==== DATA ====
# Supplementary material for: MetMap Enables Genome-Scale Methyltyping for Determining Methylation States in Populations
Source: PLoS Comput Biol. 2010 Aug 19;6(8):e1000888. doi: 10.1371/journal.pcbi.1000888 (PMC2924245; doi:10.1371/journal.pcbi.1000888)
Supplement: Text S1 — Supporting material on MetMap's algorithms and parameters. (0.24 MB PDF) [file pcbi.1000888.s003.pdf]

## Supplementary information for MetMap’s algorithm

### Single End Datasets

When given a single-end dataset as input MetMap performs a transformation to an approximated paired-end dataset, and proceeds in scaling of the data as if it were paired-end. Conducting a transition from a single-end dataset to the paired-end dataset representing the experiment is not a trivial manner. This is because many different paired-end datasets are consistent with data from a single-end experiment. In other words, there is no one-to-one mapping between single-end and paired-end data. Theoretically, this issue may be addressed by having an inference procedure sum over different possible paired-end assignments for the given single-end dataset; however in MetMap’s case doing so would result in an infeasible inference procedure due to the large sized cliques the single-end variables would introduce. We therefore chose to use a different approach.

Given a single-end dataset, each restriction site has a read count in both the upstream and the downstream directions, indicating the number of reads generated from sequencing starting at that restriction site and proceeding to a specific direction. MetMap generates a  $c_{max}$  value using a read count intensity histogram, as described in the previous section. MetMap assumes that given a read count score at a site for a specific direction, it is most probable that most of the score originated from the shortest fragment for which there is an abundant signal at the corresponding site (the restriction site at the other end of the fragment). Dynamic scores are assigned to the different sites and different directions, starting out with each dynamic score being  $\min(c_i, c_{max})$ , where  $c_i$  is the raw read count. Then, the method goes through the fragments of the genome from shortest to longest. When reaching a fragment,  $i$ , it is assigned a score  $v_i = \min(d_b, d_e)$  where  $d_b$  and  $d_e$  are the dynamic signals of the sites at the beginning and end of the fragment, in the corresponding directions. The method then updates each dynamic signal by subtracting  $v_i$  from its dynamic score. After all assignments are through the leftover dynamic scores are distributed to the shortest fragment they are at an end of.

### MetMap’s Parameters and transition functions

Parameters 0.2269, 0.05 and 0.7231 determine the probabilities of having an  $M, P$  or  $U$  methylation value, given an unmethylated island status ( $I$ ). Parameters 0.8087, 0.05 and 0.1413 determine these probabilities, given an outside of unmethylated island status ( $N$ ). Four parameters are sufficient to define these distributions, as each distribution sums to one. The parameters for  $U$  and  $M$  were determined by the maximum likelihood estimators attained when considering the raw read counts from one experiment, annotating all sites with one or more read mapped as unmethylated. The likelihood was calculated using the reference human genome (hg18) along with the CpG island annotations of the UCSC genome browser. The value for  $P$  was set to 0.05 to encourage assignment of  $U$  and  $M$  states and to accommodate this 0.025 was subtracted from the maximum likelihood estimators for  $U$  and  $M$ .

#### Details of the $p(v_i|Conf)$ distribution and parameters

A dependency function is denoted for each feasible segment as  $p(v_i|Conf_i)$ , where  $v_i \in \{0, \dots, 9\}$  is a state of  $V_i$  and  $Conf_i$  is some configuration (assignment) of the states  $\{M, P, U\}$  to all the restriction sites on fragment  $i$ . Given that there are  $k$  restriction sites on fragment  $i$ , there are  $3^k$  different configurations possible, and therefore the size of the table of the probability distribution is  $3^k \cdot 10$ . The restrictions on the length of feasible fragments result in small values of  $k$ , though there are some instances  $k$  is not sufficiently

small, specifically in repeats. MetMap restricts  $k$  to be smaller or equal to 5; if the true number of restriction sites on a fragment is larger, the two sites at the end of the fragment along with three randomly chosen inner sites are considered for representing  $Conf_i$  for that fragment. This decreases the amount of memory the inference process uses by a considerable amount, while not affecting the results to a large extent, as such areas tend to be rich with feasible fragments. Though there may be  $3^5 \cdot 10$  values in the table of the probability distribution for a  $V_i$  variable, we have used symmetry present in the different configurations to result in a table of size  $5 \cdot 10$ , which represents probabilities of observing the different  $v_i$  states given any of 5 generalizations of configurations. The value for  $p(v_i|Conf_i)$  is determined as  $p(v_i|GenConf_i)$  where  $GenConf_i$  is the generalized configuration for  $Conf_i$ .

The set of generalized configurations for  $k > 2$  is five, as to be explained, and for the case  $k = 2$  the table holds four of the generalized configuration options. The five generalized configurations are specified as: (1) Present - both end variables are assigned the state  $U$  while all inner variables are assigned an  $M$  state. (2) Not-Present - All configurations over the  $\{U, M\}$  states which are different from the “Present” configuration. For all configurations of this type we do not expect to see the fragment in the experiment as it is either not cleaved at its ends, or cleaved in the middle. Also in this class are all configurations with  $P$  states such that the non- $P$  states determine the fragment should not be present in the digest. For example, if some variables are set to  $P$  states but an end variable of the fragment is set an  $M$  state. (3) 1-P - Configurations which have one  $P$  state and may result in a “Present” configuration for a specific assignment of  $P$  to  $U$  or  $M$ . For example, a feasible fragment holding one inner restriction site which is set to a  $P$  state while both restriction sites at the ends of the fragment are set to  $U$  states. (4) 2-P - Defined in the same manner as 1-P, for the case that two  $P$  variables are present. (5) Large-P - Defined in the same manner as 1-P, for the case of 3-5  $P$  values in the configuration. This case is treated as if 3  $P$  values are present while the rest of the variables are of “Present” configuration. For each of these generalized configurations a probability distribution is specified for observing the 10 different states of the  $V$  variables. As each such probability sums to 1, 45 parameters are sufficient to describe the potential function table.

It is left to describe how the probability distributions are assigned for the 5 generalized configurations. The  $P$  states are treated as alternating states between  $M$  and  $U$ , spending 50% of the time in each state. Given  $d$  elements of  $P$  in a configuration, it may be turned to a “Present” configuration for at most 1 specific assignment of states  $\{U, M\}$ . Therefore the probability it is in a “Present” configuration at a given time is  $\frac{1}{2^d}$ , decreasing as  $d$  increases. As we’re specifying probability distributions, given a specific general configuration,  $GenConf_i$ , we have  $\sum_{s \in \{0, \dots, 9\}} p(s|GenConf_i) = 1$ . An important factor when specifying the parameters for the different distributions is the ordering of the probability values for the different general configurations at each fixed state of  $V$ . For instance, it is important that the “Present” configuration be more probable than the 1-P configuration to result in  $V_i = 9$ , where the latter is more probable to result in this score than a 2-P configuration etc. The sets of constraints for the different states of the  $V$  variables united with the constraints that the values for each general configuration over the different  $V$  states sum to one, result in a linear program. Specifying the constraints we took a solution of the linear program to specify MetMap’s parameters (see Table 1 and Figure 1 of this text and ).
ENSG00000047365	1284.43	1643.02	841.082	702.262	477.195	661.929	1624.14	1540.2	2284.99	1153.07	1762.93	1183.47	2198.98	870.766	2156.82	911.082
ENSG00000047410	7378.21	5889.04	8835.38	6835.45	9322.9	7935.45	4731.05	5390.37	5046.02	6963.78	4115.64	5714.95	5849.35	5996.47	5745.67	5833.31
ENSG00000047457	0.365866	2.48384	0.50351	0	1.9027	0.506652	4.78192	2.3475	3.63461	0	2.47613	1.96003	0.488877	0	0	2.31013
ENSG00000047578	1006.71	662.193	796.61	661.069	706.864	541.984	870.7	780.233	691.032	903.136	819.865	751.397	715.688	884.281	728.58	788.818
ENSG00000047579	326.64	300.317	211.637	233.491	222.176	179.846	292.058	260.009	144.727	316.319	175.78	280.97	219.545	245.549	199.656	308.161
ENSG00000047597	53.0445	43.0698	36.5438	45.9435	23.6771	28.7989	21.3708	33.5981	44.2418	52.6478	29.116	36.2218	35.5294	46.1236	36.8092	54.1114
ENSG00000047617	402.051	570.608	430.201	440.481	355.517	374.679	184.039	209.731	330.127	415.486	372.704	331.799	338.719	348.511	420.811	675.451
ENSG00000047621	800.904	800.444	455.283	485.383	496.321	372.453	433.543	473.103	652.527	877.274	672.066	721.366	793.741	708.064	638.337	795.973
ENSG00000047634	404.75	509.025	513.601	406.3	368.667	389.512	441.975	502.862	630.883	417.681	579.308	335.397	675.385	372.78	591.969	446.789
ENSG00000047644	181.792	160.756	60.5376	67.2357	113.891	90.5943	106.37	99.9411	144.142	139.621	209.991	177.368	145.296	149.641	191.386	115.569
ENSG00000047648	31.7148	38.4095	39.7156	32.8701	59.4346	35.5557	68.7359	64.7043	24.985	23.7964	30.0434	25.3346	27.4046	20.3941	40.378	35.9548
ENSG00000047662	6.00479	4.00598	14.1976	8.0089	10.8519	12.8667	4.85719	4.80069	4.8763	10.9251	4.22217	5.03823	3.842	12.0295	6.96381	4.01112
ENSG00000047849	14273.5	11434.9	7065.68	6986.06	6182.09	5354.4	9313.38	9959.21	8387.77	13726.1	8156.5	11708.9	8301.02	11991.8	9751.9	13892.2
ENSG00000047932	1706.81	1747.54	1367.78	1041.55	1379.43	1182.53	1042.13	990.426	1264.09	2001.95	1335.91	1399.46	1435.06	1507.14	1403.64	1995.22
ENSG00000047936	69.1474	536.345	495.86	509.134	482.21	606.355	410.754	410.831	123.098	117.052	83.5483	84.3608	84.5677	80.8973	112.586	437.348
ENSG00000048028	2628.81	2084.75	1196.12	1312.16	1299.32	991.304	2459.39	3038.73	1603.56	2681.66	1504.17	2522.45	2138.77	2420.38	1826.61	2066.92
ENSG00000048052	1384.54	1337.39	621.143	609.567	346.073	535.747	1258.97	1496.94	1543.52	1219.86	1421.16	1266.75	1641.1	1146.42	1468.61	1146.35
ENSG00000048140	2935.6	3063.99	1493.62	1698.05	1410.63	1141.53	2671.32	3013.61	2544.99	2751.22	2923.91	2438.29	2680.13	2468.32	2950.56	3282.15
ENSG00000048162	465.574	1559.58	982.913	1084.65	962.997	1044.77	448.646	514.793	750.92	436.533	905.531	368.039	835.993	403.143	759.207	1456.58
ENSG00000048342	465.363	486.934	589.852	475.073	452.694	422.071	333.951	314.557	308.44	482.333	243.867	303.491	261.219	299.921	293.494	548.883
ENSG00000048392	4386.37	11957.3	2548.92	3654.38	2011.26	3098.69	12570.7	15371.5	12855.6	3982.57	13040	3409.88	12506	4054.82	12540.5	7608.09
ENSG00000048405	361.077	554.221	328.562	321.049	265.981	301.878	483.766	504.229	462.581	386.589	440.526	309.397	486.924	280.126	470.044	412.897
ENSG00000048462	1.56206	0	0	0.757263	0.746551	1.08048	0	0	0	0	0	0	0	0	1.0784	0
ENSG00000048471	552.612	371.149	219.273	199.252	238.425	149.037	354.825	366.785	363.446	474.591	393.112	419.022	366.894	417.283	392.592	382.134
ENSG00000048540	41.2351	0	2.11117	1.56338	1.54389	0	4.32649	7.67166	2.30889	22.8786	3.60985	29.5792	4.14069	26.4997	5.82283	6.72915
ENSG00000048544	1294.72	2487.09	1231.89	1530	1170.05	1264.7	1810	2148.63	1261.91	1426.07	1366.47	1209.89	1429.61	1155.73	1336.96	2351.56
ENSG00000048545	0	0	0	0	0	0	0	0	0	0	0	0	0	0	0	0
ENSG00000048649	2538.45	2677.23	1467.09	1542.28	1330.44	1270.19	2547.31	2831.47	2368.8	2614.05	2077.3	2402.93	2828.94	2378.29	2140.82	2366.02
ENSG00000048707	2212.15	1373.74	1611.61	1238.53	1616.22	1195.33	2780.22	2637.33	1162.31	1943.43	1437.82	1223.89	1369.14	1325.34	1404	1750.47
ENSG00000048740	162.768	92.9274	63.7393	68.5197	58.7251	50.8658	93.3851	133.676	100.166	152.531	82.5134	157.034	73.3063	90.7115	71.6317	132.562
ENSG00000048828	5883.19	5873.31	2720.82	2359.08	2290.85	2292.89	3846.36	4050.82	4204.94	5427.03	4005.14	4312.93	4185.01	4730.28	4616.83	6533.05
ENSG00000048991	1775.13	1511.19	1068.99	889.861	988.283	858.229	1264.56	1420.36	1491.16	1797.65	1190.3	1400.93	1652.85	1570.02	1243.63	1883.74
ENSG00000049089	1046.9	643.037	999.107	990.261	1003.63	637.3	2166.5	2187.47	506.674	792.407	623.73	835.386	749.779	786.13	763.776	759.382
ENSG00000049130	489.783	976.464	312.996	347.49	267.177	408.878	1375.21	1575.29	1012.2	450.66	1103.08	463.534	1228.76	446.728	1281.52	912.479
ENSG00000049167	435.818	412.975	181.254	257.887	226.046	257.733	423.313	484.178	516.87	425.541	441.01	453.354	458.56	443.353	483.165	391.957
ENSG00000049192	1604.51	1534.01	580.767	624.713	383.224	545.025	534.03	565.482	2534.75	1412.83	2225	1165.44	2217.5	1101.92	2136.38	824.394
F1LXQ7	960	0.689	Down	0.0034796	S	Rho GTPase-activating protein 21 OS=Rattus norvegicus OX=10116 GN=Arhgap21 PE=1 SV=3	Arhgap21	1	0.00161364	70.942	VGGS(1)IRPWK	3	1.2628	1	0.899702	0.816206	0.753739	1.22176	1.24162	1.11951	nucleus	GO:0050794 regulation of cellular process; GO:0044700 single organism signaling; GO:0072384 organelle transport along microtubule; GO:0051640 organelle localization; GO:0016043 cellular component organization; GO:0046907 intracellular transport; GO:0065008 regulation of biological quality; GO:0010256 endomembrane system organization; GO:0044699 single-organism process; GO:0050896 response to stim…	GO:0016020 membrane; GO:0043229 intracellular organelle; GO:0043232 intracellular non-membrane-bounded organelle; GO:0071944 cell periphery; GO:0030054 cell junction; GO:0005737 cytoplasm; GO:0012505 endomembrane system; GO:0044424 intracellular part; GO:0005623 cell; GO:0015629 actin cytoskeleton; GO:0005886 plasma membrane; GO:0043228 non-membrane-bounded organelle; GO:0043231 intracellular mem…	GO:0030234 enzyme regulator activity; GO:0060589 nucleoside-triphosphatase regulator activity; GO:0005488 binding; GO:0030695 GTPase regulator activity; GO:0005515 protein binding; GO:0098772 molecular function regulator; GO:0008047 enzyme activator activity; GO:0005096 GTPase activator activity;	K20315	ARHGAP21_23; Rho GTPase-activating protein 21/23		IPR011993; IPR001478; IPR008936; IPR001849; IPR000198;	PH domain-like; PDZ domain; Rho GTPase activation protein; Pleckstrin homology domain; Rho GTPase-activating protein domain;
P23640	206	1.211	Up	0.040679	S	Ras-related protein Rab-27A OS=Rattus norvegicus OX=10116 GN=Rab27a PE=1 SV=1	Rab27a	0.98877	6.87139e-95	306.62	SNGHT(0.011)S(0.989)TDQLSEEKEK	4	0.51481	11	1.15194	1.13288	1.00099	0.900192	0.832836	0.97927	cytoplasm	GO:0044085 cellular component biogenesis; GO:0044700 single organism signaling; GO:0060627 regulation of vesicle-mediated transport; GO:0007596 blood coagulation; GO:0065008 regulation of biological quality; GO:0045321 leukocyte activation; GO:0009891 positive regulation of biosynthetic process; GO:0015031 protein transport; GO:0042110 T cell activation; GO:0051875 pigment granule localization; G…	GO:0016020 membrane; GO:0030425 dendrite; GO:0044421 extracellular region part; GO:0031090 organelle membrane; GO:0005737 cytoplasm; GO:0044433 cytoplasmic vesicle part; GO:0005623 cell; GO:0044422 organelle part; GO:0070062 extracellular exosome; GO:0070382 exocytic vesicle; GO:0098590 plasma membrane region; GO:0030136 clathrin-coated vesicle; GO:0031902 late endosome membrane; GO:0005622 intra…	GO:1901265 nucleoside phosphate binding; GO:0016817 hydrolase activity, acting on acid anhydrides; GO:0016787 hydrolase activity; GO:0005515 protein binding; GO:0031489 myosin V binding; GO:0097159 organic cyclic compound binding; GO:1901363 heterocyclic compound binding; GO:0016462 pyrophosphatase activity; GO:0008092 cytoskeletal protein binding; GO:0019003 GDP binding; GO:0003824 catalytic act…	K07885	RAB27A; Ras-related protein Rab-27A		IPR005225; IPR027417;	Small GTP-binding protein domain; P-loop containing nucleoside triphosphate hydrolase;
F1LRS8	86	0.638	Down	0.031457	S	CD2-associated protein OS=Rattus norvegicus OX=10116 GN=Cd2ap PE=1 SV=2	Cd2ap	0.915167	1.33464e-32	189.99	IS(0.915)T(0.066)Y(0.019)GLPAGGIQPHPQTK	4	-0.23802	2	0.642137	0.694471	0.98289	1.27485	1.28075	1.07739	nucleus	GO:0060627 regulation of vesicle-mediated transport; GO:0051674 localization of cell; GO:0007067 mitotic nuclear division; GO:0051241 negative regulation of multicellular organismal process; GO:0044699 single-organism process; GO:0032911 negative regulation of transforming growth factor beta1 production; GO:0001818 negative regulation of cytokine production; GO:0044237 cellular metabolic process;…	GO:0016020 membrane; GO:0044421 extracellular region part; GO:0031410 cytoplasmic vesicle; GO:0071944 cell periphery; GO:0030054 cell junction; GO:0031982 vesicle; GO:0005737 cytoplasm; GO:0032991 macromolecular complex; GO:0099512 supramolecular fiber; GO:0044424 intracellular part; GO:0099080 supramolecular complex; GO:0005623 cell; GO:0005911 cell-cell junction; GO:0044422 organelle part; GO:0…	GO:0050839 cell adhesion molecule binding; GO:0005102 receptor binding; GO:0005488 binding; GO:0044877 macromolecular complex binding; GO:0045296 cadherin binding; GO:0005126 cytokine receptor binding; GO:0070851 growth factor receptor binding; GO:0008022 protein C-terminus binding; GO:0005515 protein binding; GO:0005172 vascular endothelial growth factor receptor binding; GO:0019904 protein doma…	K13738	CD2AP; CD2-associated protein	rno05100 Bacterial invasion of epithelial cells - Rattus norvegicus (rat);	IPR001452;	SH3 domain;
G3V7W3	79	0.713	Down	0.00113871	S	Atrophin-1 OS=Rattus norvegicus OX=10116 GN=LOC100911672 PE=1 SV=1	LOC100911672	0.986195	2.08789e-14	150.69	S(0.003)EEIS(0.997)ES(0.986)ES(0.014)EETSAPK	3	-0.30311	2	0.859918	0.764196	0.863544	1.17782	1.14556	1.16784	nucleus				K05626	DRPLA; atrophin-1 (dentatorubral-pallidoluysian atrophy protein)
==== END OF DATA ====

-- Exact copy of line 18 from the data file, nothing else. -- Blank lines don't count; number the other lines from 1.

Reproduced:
ENSG00000047578	1006.71	662.193	796.61	661.069	706.864	541.984	870.7	780.233	691.032	903.136	819.865	751.397	715.688	884.281	728.58	788.818